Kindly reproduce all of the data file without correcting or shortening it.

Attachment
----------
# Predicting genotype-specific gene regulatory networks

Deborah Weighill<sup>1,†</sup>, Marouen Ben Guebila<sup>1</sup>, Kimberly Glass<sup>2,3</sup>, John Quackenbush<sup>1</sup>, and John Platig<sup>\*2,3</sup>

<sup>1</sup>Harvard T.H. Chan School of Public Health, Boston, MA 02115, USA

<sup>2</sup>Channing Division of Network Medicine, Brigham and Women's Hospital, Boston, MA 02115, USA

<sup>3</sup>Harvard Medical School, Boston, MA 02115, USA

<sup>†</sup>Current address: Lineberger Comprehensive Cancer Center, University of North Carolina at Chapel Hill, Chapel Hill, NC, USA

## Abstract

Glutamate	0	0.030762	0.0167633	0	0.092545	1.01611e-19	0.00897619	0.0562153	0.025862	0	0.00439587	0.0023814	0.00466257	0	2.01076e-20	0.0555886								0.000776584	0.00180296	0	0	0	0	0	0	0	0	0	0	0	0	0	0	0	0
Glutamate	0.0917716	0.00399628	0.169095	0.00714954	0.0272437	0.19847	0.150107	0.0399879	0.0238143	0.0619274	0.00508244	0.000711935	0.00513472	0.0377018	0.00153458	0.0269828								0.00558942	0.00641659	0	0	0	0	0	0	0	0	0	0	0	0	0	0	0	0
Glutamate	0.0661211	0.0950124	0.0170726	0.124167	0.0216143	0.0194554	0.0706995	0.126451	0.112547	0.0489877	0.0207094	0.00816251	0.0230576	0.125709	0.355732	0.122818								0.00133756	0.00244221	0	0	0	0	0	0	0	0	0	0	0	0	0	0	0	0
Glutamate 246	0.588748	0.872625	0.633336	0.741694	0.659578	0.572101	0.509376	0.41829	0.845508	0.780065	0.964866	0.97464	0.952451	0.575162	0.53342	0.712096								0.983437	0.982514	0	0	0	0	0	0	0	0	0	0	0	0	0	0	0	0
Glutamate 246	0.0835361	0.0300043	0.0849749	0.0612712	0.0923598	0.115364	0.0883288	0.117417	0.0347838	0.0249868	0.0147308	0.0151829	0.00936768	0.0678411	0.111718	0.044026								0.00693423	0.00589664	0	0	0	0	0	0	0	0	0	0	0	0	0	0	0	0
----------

# Predicting genotype-specific gene regulatory networks

Deborah Weighill<sup>1,†</sup>, Marouen Ben Guebila<sup>1</sup>, Kimberly Glass<sup>2,3</sup>, John Quackenbush<sup>1</sup>, and John Platig<sup>\*2,3</sup>

<sup>1</sup>Harvard T.H. Chan School of Public Health, Boston, MA 02115, USA

<sup>2</sup>Channing Division of Network Medicine, Brigham and Women's Hospital, Boston, MA 02115, USA

<sup>3</sup>Harvard Medical School, Boston, MA 02115, USA

<sup>†</sup>Current address: Lineberger Comprehensive Cancer Center, University of North Carolina at Chapel Hill, Chapel Hill, NC, USA

## Abstract

Glutamate	0	0.030762	0.0167633	0	0.092545	1.01611e-19	0.00897619	0.0562153	0.025862	0	0.00439587	0.0023814	0.00466257	0	2.01076e-20	0.0555886								0.000776584	0.00180296	0	0	0	0	0	0	0	0	0	0	0	0	0	0	0	0
Glutamate	0.0917716	0.00399628	0.169095	0.00714954	0.0272437	0.19847	0.150107	0.0399879	0.0238143	0.0619274	0.00508244	0.000711935	0.00513472	0.0377018	0.00153458	0.0269828								0.00558942	0.00641659	0	0	0	0	0	0	0	0	0	0	0	0	0	0	0	0
Glutamate	0.0661211	0.0950124	0.0170726	0.124167	0.0216143	0.0194554	0.0706995	0.126451	0.112547	0.0489877	0.0207094	0.00816251	0.0230576	0.125709	0.355732	0.122818								0.00133756	0.00244221	0	0	0	0	0	0	0	0	0	0	0	0	0	0	0	0
Glutamate 246	0.588748	0.872625	0.633336	0.741694	0.659578	0.572101	0.509376	0.41829	0.845508	0.780065	0.964866	0.97464	0.952451	0.575162	0.53342	0.712096								0.983437	0.982514	0	0	0	0	0	0	0	0	0	0	0	0	0	0	0	0
Glutamate 246	0.0835361	0.0300043	0.0849749	0.0612712	0.0923598	0.115364	0.0883288	0.117417	0.0347838	0.0249868	0.0147308	0.0151829	0.00936768	0.0678411	0.111718	0.044026								0.00693423	0.00589664	0	0	0	0	0	0	0	0	0	0	0	0	0	0	0	0